This is the chilling true account of America's first documented serial killer, H.H. Holmes. Set in the Gilded Age in what was described by detectives as a "Castle of Horrors," Holmes lured his victims to his labyrinth of trapdoors, soundproof chambers and chutes and crematorium under the guise of running a boarding house in proximity to the Chicago World's Fair of 1893. Holmes evaded suspicions by maintaining his status as doctor, druggist, inventor and entrepreneur. The story of how Holmes was found out is one of true detection before the development of modern technologies. The trial that ended in Holmes' confession was covered nationwide as "The Trial of the Century."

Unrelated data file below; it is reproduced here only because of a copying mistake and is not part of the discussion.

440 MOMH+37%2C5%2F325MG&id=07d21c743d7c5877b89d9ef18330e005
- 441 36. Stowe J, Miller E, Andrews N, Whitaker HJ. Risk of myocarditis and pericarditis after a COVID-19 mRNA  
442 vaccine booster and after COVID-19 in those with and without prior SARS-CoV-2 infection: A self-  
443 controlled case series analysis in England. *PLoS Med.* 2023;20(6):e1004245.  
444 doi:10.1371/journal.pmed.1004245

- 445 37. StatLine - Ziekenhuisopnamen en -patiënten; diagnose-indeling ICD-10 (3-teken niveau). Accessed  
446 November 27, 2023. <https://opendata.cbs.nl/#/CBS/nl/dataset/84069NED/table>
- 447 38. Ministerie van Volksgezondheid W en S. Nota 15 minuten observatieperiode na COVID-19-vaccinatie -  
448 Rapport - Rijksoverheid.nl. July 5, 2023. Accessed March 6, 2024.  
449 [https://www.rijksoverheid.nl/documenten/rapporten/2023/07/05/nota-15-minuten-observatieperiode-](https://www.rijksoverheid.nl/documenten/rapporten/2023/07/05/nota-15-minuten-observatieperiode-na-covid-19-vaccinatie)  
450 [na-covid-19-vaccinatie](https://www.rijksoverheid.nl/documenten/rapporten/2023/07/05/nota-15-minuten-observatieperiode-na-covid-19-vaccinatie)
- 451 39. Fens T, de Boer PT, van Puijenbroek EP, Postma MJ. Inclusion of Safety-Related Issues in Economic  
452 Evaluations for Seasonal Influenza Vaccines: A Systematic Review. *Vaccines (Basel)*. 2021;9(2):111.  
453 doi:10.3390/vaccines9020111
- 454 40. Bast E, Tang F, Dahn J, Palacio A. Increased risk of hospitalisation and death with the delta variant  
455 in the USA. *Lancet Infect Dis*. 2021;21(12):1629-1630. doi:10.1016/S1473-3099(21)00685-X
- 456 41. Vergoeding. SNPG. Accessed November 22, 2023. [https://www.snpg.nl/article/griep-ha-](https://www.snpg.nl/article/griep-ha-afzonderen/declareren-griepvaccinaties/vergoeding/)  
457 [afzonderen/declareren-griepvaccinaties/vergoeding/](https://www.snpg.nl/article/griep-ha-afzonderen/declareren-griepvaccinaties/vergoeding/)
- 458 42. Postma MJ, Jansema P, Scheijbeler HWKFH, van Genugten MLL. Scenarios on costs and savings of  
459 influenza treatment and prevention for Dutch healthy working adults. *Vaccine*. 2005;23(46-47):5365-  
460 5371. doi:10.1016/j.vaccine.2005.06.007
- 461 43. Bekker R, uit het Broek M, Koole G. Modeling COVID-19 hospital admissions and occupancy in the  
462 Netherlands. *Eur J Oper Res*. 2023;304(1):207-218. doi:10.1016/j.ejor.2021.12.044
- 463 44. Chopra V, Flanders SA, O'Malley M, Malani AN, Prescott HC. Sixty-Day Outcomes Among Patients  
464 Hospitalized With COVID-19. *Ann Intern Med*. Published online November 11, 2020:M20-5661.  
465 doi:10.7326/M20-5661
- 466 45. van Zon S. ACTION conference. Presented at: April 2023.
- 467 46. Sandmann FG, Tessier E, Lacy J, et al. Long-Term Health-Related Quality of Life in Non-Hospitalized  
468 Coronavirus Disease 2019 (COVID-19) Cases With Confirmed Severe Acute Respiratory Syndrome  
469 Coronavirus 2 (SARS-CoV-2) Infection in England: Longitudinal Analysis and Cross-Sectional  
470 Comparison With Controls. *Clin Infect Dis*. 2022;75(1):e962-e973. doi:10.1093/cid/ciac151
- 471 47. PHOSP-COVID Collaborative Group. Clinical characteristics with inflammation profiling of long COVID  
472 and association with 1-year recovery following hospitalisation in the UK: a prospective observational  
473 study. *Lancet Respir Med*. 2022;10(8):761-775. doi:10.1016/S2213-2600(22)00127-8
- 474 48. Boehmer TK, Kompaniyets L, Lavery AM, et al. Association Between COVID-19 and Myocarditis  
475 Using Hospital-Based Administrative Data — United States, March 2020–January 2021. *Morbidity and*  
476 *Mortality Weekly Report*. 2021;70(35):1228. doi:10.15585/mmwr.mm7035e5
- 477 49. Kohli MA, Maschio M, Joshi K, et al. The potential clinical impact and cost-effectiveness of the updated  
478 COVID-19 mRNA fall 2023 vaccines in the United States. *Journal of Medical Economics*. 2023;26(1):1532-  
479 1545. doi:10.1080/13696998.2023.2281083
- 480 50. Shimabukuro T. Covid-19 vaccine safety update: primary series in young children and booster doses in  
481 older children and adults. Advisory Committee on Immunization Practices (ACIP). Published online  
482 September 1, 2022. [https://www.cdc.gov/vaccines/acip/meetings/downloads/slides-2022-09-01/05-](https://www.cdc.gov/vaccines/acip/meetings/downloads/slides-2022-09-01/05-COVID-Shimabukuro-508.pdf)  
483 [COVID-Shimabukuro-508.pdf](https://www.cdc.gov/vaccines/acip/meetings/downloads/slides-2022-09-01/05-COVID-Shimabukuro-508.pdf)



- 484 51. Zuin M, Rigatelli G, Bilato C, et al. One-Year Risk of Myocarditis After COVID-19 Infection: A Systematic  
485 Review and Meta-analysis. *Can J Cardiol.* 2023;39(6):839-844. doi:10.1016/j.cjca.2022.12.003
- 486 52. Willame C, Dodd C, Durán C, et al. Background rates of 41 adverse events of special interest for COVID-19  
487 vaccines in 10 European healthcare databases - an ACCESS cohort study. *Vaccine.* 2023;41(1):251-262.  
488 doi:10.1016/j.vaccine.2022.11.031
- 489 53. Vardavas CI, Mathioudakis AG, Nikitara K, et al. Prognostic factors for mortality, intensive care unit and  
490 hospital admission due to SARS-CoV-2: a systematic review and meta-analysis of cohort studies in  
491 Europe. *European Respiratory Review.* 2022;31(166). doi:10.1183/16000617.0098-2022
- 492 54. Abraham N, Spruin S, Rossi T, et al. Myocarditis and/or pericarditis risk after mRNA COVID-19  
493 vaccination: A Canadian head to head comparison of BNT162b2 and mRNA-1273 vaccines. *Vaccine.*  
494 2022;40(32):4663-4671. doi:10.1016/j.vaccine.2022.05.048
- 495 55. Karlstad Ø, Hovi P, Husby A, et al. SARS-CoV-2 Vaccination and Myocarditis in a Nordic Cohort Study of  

Harold Schechter is a professor of American literature at Queens College, the City University of New York. His essays have appeared in various newspapers and magazines, including the New York Times, the Wall Street Journal, the Los Angeles Times, and the International Herald Tribune. Among his more than thirty published books are a series of historical true-crime narratives about America's most infamous serial killers, a quartet of mystery novels featuring Edgar Allan Poe, and an anthology of American true crime writing published by the Library of America. He is also the editor of the Kent State University Press True Crime History Series. His most recent book is The Mad Sculptor: The Maniac, The Model, and the Murder that Shook the Nation (forthcoming from Houghton Mifflin Harcourt/New Harvest).